GPSC discusses Diversity Council survey results, USG investigation update

By Marnie Leonard

The Graduate and Professional Student Council had to table major items on its agenda Tuesday evening because too few members were present to vote.

Changes to GPSC bylaws and a resolution regarding a potential new university absence policy were delayed for the council’s next meeting. The 10 members in attendance instead discussed a campus-wide survey created by the Diversity Council and plans to move forward with an investigation of the Undergraduate Student Government’s executive board.

In October, registered student organization leaders submitted a petition of 522 student signatures and asked GPSC to review allegations of misconduct on part of the executive board. The objections with current USG leadership ranged from procedural errors to violations of the governing body’s constitution.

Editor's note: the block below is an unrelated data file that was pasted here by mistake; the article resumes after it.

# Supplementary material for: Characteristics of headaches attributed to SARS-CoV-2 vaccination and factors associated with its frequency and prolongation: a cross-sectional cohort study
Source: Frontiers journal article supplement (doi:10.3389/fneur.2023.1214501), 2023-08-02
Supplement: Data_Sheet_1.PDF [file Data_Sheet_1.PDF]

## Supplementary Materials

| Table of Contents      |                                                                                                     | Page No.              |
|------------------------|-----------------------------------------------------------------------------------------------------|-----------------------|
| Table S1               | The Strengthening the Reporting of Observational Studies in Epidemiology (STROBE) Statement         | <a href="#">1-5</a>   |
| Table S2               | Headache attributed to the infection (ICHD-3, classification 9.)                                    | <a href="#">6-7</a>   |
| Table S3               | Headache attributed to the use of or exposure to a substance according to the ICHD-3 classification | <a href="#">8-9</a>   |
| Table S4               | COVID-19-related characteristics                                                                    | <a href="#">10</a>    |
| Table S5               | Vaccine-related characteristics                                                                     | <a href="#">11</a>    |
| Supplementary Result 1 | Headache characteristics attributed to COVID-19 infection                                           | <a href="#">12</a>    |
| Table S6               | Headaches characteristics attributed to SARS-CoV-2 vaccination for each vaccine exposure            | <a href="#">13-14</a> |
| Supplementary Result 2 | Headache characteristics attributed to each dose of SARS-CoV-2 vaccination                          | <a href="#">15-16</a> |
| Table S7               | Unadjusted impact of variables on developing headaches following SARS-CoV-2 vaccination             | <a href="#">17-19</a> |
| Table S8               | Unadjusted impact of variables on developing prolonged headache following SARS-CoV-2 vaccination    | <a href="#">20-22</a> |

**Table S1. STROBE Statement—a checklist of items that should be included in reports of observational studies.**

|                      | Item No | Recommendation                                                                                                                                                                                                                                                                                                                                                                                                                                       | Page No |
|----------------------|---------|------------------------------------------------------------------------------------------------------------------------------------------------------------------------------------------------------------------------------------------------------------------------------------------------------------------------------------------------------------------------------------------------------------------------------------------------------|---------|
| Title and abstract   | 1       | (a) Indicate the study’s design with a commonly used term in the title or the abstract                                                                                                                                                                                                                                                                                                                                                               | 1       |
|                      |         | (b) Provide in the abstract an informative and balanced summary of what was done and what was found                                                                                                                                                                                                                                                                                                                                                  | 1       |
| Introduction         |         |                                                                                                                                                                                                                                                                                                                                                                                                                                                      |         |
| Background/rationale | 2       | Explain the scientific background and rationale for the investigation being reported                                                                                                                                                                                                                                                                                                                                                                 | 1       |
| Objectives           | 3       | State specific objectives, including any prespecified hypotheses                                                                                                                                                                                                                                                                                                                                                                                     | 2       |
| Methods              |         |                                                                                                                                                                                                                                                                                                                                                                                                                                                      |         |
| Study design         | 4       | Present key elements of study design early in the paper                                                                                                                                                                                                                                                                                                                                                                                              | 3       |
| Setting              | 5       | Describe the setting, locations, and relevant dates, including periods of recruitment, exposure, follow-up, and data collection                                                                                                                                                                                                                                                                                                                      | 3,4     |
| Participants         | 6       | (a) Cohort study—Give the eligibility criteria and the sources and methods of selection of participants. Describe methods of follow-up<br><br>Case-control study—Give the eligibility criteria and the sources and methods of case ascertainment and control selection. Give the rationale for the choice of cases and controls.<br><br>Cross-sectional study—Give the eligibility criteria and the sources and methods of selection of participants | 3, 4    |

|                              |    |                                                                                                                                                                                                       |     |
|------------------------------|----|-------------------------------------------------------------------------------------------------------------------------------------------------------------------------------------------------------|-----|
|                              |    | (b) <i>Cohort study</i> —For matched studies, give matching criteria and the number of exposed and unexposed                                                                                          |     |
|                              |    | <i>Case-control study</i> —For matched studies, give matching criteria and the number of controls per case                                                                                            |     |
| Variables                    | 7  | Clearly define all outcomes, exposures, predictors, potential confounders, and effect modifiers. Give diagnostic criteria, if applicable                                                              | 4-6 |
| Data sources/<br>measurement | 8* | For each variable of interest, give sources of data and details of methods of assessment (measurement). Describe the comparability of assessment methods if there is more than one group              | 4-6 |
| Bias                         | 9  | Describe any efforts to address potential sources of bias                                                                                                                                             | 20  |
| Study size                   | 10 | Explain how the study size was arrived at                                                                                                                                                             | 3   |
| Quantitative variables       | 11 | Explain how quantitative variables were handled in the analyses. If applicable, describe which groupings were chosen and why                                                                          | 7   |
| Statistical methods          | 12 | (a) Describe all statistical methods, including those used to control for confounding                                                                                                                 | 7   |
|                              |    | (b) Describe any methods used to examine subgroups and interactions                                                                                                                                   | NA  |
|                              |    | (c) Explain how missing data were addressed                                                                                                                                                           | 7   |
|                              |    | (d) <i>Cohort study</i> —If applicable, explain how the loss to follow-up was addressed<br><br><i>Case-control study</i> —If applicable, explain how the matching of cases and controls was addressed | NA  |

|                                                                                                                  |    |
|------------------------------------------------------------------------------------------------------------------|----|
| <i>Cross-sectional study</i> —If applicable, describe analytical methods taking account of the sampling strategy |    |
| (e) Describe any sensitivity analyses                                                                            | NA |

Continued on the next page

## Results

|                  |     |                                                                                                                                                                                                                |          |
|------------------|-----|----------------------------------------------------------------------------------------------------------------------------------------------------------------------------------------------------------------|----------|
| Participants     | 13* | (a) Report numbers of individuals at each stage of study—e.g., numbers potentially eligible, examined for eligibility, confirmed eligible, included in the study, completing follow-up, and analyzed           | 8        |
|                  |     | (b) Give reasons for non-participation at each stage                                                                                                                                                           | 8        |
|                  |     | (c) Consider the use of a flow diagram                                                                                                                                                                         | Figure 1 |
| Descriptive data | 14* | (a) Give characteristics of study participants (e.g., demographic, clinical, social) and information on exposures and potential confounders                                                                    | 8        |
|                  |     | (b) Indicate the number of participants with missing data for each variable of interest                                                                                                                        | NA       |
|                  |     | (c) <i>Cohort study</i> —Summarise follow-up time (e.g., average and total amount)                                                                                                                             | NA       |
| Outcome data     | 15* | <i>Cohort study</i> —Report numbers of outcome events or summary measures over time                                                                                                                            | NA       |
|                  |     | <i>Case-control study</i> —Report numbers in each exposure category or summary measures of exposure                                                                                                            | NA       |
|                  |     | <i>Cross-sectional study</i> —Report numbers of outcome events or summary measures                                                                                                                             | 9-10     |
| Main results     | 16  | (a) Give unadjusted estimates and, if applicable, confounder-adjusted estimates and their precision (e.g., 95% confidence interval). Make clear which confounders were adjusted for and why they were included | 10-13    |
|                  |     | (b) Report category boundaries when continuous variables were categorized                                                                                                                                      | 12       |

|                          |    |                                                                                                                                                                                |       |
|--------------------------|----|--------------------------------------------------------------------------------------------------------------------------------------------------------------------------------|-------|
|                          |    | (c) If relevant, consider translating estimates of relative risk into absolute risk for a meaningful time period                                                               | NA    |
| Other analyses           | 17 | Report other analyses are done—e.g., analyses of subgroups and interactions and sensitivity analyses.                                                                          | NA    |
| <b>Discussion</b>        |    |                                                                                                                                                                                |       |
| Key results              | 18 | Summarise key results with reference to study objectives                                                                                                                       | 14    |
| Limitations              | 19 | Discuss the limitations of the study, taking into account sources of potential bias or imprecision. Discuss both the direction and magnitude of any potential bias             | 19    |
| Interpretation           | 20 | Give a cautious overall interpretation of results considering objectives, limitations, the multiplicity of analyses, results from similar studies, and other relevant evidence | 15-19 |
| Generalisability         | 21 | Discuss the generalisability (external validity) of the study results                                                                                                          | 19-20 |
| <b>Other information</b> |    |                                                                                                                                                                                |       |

The council voted at that time to form a committee to conduct hearings for investigating the allegations. Committee co-chair Clay Awsumb said after holding informational sessions last week, the committee will soon be scheduling its first hearings for the charges against USG.

The results of the survey, which was circulated by the Diversity Council through Feb. 3, showed that opinions of student leadership were low. No survey question received an “agree” or “strongly agree” response from more than 55 percent of those surveyed.

Of the responses, only 24 percent (of the responses) came from graduate and professional students. GPSC vice president for student affairs Johnathan Flowers noted that no distinction was made between GPSC and the Undergraduate Student Government leadership.

“Still, the rather dismal responses indicate a problem that needs to be addressed,” he said before asking council members to send any suggestions to the GPSC email.

Also discussed was a collaborative effort between USG and GPSC to plan a “legislative road trip” to local state lawmakers in their home districts.

Vice president for administrative affairs Willie Lyles III said students already visited with Rep. Terri Bryant, R-Murphysboro, to discuss the importance of higher education. Lyles said the rest of the road trip is still in the works, but a final plan will be presented at the council’s next regular meeting on March 7.

Staff writer Marnie Leonard can be reached at [email protected] or on Twitter @marsuzleo.


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